Women’s soccer players go on life changing Uganda trip

In June, Jordan Nash and Emily Keitel took a service trip to the Lukome Center in northern Uganda.

Sophomore defender Emily Keitel (left) and junior goalkeeper Jordan Nash spent three weeks on a service trip in Uganda this summer. | COURTESY / EMILY KEITEL

When Jordan Nash and Emily Keitel decided to attend an on-campus Athletes InterVarsity meeting in January, neither knew the other would be there.

Athletes InterVarsity is a national Christian organization with a Temple chapter. At the meeting, Nash, a junior goalkeeper, and Keitel, a sophomore defender, learned about ChildVoice, an organization founded in 2006 that runs service trips to aid children in war-affected areas of Uganda.

When Nash and Keitel looked at each other from across the room after hearing about the chance to travel to Uganda, both knew exactly what the other was thinking.

“We turned to each other and immediately knew we had to go,” Nash said. “We both knew that a trip like this is something we’ve wanted to do our whole lives.”

“I grew up in a Christian home,” Keitel said. “It was cool to practice and share our faith with people from such a different cultural background.”

At the end of May, the duo set to fly across the Atlantic Ocean and begin its life-changing journey. Nash and Keitel stayed in Uganda until mid-June, interacting and living with women and children for more than two weeks.

They spent the first two days of the trip in the capital city of Kampala before heading on a nine-hour bus trip to the Lukome Center in northern Uganda. The center provides educational programs, vocational training and spiritual and emotional counseling to former child soldiers and others affected by the Sudan War, according to a ChildVoice fundraising page on purecharity.com.

The center housed about 30 women in their late teens and early 20s, many of whom were mothers to more than one child, Nash and Keitel said. Because the people living at the Lukome Center had rarely encountered people foreign to Uganda, Nash and Keitel had to gain the women and children’s trust.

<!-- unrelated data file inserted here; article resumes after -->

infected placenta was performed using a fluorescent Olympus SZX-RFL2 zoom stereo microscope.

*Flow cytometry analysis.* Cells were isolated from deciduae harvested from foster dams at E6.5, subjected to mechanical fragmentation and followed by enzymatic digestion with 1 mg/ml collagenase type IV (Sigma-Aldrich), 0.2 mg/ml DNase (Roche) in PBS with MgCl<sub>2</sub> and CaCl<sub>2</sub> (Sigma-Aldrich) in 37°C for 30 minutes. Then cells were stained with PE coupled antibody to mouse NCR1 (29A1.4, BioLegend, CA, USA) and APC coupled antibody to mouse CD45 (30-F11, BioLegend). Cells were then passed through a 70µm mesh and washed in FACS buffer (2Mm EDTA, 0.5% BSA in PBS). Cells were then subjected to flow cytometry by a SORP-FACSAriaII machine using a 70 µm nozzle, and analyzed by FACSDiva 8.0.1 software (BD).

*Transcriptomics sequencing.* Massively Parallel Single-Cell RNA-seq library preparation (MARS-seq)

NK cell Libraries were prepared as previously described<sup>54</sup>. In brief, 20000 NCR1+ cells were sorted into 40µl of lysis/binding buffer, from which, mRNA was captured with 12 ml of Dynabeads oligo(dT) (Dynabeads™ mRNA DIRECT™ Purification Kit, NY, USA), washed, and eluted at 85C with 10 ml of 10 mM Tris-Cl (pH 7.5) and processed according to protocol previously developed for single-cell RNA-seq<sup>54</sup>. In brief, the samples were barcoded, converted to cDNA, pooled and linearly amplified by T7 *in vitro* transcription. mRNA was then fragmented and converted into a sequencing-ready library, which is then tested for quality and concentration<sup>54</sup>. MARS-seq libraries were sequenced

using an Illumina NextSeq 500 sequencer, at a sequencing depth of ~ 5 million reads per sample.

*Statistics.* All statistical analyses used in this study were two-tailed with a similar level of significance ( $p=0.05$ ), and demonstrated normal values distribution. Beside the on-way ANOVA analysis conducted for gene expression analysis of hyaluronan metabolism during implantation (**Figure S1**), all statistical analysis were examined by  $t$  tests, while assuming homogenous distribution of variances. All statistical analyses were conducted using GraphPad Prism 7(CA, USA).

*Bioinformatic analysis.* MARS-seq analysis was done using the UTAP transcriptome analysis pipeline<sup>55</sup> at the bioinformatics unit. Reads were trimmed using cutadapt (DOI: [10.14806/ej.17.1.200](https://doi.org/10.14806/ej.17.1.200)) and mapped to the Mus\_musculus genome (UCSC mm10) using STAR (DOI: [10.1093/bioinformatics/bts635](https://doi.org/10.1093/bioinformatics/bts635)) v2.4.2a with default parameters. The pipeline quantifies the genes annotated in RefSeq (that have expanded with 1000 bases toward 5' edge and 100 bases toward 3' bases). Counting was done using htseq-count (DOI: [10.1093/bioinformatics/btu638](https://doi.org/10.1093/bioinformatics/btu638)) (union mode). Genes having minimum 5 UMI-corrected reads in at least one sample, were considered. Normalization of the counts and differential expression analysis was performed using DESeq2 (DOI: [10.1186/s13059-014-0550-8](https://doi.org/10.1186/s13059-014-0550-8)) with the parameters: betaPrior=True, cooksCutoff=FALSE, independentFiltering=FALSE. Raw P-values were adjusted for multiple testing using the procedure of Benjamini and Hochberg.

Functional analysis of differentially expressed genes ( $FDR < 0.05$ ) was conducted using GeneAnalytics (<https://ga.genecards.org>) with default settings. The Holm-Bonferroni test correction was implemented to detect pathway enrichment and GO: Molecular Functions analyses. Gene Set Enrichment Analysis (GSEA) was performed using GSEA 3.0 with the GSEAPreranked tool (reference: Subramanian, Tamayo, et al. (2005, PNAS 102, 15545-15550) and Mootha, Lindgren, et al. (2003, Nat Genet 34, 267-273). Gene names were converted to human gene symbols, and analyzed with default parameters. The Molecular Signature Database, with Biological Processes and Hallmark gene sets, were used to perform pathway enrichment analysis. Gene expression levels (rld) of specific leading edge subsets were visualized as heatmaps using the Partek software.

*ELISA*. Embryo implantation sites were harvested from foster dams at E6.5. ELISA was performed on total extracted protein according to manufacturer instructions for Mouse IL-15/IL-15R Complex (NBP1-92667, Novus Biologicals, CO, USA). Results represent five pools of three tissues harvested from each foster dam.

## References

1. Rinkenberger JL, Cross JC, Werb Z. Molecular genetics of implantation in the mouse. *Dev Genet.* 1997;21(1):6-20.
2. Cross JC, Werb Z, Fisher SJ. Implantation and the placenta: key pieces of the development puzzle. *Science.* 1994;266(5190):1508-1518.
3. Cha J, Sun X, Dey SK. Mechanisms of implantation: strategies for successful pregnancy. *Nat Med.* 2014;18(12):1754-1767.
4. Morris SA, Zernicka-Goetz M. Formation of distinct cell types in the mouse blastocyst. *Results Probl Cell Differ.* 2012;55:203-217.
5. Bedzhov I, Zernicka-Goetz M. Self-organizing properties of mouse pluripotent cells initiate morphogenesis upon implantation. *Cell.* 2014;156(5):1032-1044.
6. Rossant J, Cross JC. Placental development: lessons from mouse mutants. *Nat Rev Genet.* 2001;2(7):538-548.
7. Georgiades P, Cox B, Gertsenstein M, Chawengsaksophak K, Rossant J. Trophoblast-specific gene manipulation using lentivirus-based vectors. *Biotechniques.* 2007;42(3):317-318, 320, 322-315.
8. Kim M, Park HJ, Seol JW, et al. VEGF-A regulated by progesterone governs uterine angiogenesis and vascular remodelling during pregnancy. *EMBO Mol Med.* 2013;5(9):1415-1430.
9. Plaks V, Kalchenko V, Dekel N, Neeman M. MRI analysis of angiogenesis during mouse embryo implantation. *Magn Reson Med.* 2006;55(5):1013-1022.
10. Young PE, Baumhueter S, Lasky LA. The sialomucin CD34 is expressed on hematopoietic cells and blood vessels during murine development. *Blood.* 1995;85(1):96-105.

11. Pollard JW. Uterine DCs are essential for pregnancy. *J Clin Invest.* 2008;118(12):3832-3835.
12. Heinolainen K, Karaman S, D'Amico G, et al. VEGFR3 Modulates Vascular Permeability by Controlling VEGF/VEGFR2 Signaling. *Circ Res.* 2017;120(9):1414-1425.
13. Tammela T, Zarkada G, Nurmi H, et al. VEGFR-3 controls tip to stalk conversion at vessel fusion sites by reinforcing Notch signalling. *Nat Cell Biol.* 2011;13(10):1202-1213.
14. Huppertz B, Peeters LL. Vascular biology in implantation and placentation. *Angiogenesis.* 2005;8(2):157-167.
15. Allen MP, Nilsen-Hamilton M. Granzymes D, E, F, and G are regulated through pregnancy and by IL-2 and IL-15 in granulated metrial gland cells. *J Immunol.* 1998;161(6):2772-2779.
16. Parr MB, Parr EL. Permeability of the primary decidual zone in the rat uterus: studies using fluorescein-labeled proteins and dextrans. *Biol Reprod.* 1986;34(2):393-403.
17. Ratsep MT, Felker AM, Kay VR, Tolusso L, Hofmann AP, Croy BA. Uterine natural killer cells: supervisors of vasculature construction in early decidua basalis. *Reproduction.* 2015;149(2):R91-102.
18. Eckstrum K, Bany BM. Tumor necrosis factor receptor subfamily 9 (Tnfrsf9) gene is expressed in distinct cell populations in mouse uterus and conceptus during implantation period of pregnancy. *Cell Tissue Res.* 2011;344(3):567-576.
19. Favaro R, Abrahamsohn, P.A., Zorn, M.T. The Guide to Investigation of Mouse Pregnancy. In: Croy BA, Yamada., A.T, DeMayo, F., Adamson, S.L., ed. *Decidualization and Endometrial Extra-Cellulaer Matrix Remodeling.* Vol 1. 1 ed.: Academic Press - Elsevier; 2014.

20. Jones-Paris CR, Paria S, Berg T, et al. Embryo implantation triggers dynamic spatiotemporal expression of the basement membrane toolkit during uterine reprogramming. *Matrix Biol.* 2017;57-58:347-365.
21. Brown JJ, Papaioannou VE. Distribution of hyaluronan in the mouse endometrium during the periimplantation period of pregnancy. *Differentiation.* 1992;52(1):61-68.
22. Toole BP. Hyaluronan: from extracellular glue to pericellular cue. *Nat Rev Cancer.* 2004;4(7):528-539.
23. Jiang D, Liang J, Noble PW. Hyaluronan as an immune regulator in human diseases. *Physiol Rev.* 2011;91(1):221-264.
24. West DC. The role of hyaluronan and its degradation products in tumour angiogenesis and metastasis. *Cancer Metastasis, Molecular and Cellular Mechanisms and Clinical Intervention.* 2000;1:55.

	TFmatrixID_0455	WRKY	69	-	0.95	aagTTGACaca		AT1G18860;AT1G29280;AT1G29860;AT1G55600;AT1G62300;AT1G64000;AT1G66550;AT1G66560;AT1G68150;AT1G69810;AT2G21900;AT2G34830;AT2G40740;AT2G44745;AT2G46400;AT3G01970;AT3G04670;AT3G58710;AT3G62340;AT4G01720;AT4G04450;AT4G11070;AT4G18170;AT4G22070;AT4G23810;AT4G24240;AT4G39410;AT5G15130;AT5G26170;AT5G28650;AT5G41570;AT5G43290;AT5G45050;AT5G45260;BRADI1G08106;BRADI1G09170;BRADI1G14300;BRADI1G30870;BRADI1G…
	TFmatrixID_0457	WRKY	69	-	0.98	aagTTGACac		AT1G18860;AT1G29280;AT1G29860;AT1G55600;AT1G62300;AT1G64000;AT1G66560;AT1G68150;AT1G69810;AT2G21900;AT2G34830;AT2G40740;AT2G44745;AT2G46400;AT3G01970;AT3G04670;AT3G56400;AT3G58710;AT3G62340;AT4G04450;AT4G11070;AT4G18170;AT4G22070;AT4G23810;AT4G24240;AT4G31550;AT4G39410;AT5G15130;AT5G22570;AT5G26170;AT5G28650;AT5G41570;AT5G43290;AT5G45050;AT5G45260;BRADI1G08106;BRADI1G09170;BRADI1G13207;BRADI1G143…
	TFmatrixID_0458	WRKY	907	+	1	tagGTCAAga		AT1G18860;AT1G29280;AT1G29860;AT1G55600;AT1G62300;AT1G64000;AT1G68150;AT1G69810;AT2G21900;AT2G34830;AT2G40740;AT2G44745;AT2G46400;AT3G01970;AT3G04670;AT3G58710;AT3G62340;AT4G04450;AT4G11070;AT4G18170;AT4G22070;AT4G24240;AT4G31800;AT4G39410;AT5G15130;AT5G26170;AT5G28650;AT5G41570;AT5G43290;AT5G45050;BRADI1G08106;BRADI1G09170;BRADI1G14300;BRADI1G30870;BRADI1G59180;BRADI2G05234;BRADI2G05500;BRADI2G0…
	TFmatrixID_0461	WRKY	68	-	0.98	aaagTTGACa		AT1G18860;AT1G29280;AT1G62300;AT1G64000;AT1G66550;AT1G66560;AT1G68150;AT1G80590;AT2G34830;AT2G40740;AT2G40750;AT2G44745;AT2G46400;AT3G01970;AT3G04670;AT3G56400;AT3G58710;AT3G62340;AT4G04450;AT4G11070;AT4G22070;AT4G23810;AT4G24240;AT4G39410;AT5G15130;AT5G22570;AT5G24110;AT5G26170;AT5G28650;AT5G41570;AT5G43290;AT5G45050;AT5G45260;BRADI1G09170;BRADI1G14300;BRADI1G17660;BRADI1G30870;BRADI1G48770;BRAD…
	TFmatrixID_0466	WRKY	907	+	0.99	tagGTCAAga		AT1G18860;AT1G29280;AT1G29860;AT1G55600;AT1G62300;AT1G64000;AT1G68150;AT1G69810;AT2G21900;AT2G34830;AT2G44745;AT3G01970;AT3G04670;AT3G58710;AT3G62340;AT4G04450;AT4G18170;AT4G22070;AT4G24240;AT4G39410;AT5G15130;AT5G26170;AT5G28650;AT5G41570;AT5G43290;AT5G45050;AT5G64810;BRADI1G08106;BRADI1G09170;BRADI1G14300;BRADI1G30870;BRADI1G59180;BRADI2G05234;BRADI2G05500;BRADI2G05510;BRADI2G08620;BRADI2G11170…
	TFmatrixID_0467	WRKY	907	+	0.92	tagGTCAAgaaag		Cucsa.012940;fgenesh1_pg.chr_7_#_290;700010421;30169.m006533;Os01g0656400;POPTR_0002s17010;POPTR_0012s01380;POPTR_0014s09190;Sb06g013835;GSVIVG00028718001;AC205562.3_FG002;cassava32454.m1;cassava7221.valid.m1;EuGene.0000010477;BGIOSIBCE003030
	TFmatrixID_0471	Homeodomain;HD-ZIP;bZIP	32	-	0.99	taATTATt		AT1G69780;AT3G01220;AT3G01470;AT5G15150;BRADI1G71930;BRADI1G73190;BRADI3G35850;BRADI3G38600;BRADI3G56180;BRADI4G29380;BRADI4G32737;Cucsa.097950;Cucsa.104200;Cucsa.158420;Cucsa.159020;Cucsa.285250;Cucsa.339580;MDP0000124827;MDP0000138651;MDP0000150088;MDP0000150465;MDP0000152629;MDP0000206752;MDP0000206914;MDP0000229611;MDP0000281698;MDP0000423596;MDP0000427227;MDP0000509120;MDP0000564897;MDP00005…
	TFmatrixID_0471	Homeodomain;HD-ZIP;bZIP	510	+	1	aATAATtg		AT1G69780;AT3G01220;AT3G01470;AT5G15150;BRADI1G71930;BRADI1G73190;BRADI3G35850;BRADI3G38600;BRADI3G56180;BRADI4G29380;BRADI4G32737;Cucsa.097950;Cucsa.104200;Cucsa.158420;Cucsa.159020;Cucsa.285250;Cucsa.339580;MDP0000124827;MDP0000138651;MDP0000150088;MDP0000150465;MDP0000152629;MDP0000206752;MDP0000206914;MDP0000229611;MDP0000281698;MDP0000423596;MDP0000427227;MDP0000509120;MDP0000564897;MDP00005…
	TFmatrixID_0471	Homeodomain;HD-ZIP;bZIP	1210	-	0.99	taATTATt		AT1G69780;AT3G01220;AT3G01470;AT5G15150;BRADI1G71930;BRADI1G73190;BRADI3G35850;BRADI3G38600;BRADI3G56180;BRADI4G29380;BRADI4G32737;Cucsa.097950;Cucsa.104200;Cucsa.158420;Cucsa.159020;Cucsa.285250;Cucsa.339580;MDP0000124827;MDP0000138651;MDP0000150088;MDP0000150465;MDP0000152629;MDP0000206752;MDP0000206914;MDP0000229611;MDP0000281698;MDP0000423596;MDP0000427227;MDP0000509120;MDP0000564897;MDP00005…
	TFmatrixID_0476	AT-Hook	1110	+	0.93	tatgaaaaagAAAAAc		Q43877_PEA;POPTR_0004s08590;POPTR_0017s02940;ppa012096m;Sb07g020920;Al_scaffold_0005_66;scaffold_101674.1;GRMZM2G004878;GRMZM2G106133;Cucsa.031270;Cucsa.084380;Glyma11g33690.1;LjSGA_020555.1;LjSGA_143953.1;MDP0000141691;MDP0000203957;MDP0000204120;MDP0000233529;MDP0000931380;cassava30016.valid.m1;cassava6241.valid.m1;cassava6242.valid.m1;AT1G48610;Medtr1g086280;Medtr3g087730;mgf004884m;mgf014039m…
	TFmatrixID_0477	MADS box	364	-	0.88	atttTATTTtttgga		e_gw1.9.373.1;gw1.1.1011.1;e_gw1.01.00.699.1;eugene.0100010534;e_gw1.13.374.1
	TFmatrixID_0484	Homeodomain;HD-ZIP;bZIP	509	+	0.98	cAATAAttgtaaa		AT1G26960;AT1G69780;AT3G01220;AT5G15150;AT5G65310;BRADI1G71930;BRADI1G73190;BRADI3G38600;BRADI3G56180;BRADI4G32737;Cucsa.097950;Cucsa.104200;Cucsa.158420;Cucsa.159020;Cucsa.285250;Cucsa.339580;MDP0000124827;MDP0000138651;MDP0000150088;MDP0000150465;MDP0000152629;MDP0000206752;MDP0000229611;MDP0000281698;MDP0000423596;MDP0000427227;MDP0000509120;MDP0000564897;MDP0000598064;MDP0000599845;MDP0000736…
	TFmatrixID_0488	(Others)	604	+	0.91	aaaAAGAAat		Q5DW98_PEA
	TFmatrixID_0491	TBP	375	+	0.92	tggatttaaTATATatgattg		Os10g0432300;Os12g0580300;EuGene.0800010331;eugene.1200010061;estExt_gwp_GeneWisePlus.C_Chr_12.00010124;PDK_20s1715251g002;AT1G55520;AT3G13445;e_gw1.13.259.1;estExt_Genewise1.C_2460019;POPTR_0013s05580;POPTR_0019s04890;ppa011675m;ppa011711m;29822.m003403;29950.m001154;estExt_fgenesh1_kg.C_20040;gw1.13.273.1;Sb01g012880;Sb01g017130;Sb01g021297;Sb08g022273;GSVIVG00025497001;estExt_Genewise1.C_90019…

Despite an original communication obstacle, Nash, Keitel and the people at the Lukome Center still through events like morning chapel and songs sung in Arabic and Acholi, a northern Ugandan language.

“For the first couple of days, they definitely didn’t seem comfortable,” Nash said. “It helped that a lot of the mothers started to interact with us quicker, and then their children would follow once they saw their moms trusted us.”

Leading up to the trip, Nash and Keitel made sure they were prepared by researching the culture and history of the country.

Before their flight, Nash and Keitel each read “Girl Soldier: A Story of Hope for Northern Uganda’s Children.” The book is about a Ugandan child who was kidnapped and made a soldier by the country’s rebels. Upon their arrival in Kampala, Nash and Keitel were debriefed on local customs, dress and communication styles.

“If you ask to go to the bathroom, they think you want to take a bath,” Nash said. “It took me some time to get used to that.”

“Even stuff like having to use water bottles to brush our teeth,” Keitel said. “It seems kind of funny at first, but it gives you a different perspective.”

Coach Seamus O’Connor said he has somewhat of an understanding of the culture shock Nash and Keitel experienced. He grew up in Ireland and had never been to the United States until he moved here when he was 23 years old.

Learning about different cultures is important and is something he would encourage all of his players to do, he said.

“Going away from home for awhile will not only be a great experience, but it will force you to mature as a person,” O’Connor said.

The transition back to life in the U.S. took a little bit of time, Nash said. She arrived in Boston to meet her parents, who were in the city for her sister’s hockey tournament.

“When I went to brush my teeth that night, I used a water bottle,” Nash said. “My parents were sitting there wondering why I’m not using the faucet in the hotel room. Living in a place with such drastic cultural differences can definitely change your perspective on things.”

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